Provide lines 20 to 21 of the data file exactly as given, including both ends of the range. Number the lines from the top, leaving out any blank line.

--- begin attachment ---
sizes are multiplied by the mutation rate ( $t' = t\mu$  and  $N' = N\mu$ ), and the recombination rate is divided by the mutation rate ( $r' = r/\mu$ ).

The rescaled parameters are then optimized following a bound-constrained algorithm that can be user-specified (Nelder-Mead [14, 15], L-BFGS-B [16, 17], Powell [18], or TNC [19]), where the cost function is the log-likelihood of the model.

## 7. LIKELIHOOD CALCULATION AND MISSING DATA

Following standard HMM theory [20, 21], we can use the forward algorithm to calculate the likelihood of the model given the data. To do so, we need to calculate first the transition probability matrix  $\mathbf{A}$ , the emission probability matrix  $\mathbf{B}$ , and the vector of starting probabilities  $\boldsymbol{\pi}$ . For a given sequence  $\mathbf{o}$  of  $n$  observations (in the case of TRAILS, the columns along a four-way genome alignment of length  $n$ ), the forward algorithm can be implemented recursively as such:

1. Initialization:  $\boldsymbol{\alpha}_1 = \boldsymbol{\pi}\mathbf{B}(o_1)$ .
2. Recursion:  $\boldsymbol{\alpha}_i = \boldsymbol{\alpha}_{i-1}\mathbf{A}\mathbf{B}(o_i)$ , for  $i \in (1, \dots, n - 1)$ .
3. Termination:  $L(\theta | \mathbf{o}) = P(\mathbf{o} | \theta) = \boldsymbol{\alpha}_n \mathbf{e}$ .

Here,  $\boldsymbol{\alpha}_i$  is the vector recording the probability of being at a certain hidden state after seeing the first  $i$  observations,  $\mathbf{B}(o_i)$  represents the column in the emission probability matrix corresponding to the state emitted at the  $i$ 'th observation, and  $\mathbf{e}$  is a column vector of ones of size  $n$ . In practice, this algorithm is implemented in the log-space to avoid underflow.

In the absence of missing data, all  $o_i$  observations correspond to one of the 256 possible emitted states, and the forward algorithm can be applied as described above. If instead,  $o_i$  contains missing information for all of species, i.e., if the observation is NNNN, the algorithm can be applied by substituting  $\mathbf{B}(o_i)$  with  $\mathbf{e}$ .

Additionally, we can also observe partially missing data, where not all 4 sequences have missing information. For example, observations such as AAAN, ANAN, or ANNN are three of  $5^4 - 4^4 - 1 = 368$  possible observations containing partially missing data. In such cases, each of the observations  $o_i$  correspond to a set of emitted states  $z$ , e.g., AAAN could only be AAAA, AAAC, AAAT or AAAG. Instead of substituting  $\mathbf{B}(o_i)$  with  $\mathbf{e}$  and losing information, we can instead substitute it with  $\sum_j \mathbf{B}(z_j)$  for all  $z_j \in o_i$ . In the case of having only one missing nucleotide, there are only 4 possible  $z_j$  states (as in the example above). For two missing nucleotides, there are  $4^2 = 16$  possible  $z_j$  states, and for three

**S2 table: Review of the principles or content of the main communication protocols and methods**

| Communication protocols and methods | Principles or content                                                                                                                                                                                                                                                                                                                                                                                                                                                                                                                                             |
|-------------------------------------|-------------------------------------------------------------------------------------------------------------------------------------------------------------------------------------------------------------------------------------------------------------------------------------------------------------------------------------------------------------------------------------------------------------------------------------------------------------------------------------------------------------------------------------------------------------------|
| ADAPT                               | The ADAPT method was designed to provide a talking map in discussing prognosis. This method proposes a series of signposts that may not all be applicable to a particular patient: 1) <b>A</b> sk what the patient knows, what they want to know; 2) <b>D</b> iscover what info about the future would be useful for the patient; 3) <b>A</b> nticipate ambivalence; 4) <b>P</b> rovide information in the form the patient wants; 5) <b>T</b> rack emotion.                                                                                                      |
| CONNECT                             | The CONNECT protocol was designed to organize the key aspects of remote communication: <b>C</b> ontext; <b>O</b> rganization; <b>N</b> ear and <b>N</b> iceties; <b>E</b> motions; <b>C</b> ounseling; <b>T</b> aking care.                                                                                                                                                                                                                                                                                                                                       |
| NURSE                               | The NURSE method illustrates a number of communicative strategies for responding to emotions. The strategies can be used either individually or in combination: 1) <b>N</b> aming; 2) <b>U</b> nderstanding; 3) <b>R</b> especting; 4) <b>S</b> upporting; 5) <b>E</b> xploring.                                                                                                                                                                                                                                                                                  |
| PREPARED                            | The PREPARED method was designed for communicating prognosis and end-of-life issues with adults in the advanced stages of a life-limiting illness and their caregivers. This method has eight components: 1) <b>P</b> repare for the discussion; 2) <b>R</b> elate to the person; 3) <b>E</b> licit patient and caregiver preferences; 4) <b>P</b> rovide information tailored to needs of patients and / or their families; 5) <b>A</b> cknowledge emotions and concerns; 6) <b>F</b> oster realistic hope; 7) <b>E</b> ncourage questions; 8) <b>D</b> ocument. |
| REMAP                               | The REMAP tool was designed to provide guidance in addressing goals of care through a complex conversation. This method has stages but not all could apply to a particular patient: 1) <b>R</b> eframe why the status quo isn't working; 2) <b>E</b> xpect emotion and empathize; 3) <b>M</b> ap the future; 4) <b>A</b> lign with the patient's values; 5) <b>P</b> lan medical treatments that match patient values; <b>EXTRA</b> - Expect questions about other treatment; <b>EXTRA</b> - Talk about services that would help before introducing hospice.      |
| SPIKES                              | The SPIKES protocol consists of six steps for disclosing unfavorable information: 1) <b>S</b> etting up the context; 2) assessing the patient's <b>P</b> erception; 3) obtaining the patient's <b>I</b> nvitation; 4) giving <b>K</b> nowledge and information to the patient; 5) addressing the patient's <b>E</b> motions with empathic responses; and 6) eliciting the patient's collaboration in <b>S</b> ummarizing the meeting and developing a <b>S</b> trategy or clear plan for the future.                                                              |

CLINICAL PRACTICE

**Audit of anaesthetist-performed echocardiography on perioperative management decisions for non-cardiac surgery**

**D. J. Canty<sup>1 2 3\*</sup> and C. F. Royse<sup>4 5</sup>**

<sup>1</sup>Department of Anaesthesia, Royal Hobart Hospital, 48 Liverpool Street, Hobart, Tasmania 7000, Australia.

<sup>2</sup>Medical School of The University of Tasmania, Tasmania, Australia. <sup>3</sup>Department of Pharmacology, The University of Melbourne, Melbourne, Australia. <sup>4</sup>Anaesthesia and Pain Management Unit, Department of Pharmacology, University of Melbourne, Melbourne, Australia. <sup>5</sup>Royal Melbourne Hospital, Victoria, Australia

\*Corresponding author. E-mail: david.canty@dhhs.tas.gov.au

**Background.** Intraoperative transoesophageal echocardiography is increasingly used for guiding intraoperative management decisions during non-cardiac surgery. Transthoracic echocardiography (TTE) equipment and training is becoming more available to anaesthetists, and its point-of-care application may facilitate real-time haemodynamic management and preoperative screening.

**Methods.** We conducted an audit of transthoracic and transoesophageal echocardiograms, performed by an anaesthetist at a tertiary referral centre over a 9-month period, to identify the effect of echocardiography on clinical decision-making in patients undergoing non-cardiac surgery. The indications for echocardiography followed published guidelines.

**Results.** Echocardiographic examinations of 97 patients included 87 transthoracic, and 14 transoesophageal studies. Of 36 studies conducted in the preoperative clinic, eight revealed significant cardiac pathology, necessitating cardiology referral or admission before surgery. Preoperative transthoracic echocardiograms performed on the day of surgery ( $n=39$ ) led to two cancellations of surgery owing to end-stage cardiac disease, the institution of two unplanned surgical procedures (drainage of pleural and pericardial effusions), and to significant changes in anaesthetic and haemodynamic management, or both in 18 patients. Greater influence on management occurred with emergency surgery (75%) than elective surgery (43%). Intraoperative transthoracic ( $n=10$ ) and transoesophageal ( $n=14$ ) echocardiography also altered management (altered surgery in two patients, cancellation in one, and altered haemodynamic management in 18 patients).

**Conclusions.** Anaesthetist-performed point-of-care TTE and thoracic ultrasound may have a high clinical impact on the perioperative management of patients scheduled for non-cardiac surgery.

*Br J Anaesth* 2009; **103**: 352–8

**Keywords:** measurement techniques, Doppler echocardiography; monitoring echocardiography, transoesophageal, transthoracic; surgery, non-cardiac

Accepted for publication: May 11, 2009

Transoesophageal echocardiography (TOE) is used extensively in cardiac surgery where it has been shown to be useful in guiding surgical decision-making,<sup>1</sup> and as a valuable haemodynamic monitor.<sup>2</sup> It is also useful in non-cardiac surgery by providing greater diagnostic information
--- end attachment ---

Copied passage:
CLINICAL PRACTICE

**Audit of anaesthetist-performed echocardiography on perioperative management decisions for non-cardiac surgery**